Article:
Recap: Democratic presidential candidates rally support in Columbia before primary
Ethan Lam & Ricardo Rodriguez / The Daily Gamecock
Democratic presidential candidates Vermont Sen. Bernie Sanders and Mayor Pete Buttigieg came to the Columbia area last week in an effort to rally support before the South Carolina primary on Feb. 29.
Other candidates who came to the area included former Vice President Joe Biden, who won the primary on Saturday, and Tom Steyer, who has since dropped out of the 2020 presidential race.
In a rally in Finlay Park Feb. 28, Sanders talked about his plans for tuition and healthcare, among other platform points.
A key point of Sanders' speech was his promise to make higher education and colleges tuition-free while forgiving student debt.
"We believe that all of our kids, regardless of their income, have the right to a higher education college or trade school, which is why we're going to make public colleges and universities tuition-free," Sanders said.
Another point of Sanders' speech was universal healthcare.
"Whether the healthcare industry likes it or not, we are going to pass a Medicare for All single-payer program," Sanders said. "No premiums, no deductibles, no co-payments, no out-of-pocket expenses."
First-year aerospace engineering student William Plante came to the rally.
"About 10 years ago, my father was unemployed for, like, a one year period, and during that period did not have healthcare; very scary paying for everything out of pocket," Plante said. "I know one of my friends with diabetes is spending roughly 300 bucks a month out of pocket on insulin, when people in Canada are spending 30."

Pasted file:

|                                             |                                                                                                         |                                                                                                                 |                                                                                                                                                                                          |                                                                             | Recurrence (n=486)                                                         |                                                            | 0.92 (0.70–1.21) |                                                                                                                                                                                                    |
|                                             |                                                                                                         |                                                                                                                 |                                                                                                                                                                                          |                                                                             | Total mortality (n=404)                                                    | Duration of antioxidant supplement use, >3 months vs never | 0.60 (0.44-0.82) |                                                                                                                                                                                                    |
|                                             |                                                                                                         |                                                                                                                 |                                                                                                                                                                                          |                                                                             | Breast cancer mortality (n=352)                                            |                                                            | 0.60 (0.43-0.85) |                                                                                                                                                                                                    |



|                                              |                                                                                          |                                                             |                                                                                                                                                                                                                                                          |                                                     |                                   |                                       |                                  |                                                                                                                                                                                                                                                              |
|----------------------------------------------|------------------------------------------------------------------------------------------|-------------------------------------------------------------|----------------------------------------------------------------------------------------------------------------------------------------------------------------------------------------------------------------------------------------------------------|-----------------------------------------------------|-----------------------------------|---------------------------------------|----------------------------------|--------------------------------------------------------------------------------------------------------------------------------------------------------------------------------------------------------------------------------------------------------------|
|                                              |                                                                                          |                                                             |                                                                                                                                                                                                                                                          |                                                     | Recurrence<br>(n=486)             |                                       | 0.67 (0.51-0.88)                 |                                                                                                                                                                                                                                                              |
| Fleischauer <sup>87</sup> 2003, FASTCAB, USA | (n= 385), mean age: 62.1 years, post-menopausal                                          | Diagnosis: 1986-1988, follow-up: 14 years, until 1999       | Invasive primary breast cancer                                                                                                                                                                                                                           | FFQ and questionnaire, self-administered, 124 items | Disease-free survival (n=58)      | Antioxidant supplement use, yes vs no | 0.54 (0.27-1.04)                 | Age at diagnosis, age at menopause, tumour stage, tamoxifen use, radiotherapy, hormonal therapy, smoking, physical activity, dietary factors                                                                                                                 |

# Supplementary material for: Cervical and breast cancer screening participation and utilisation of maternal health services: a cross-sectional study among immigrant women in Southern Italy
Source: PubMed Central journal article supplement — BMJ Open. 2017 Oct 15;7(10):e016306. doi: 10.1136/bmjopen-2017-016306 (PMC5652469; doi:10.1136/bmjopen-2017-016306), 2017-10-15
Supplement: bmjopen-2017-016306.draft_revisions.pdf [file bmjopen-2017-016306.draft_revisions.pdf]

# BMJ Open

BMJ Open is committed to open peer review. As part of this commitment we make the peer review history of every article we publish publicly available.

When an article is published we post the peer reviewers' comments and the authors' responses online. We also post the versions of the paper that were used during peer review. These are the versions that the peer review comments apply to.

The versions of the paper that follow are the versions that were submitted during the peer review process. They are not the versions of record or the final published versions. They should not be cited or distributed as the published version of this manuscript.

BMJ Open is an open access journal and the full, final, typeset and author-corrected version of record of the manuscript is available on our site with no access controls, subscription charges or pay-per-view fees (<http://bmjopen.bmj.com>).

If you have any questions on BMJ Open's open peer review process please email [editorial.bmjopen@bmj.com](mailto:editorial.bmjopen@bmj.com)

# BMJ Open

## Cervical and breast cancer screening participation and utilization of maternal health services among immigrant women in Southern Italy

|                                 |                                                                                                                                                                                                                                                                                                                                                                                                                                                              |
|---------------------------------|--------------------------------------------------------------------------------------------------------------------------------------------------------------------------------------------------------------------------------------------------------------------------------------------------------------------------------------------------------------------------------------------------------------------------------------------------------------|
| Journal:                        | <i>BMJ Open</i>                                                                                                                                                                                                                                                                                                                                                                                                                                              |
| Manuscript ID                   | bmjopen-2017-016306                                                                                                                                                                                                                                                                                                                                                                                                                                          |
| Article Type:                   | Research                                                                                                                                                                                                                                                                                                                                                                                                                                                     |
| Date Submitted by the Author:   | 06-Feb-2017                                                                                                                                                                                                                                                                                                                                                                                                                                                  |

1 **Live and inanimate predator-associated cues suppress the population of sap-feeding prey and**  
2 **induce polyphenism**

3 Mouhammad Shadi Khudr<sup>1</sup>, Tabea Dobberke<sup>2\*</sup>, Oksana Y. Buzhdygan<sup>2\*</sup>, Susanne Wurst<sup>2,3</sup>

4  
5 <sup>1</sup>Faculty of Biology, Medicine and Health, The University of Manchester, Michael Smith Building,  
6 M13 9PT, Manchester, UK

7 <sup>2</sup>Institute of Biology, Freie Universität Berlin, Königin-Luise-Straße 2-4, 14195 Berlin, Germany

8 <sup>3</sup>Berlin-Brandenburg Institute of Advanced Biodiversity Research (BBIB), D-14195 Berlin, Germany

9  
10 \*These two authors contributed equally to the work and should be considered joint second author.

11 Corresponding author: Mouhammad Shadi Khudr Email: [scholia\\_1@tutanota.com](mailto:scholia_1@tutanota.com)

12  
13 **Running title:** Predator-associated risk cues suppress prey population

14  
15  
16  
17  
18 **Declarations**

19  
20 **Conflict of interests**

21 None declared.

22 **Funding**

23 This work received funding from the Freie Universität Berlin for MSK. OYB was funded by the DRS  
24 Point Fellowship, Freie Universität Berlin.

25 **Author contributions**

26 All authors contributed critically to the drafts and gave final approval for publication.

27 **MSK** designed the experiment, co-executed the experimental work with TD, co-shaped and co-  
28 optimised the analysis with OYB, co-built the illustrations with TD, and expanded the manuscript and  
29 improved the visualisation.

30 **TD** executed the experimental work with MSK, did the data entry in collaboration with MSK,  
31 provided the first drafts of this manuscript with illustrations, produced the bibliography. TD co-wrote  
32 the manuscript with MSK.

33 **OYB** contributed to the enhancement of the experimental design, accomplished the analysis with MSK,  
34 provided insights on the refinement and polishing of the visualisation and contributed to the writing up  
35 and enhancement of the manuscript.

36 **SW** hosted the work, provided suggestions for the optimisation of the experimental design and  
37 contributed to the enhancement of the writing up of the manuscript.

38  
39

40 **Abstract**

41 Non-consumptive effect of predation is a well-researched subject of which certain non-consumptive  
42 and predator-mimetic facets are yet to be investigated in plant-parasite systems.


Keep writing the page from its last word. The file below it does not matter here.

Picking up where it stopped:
Other platform points in Sanders' speech included support of the New Green Deal, which is a plan to combat climate change, criminal justice reform and the legalization of marijuana.
Sanders supporter Wade Penland said Sanders' consistency is what resonates with him.
"Bernie's not going to say anything up there that I haven't heard for the past 26 years of my life. Obviously the guy's been saying the same thing since I've been a thought in my parents' head," Penland said. "His message is the same as it's always been, and that's what resonates with me."
Buttigieg held a rally in Columbia, South Carolina, on Feb. 28.
Buttigieg is from South Bend, Indiana, where he currently lives. In 2011, he was elected mayor of his hometown, where he worked to cut unemployment rates in half and raise household incomes by 31%.
Buttigieg has support from former President Barack Obama’s former special assistant Reggie Love.
“From a policy point of view, I really love the idea that he’s starting to talk about systemic racism and how it’s had an impact on where we are as a country and bringing the Douglass Plan to fruition to really elevate at the national level,” Love said.
Mia Riffle, a senior at a local high school, came to the rally to support Buttigieg. Though she is too young to vote currently, she will be old enough during the November elections.
Riffle said the more moderate side of Buttigieg caught her attention.
“I like his more moderate policies, and I just think that that has a better chance of his policies to be passed in the Senate and for change to actually be made,” Riffle said.
Buttigieg spoke on what he views as the purpose of the executive branch.
"I believe that the purpose of the presidency is not the glorification of the president. It is the unification of the entirety of the American people," Buttigieg said.
President Donald Trump came up multiple times during Buttigieg's speech.
"I am ready to go toe-to-toe with this president and bring an end to the Trump administration," Buttigieg said.
—Compiled by Christine Bartruff
Editor's note: Pete Buttigieg dropped out of the presidential race very shortly after this article was published.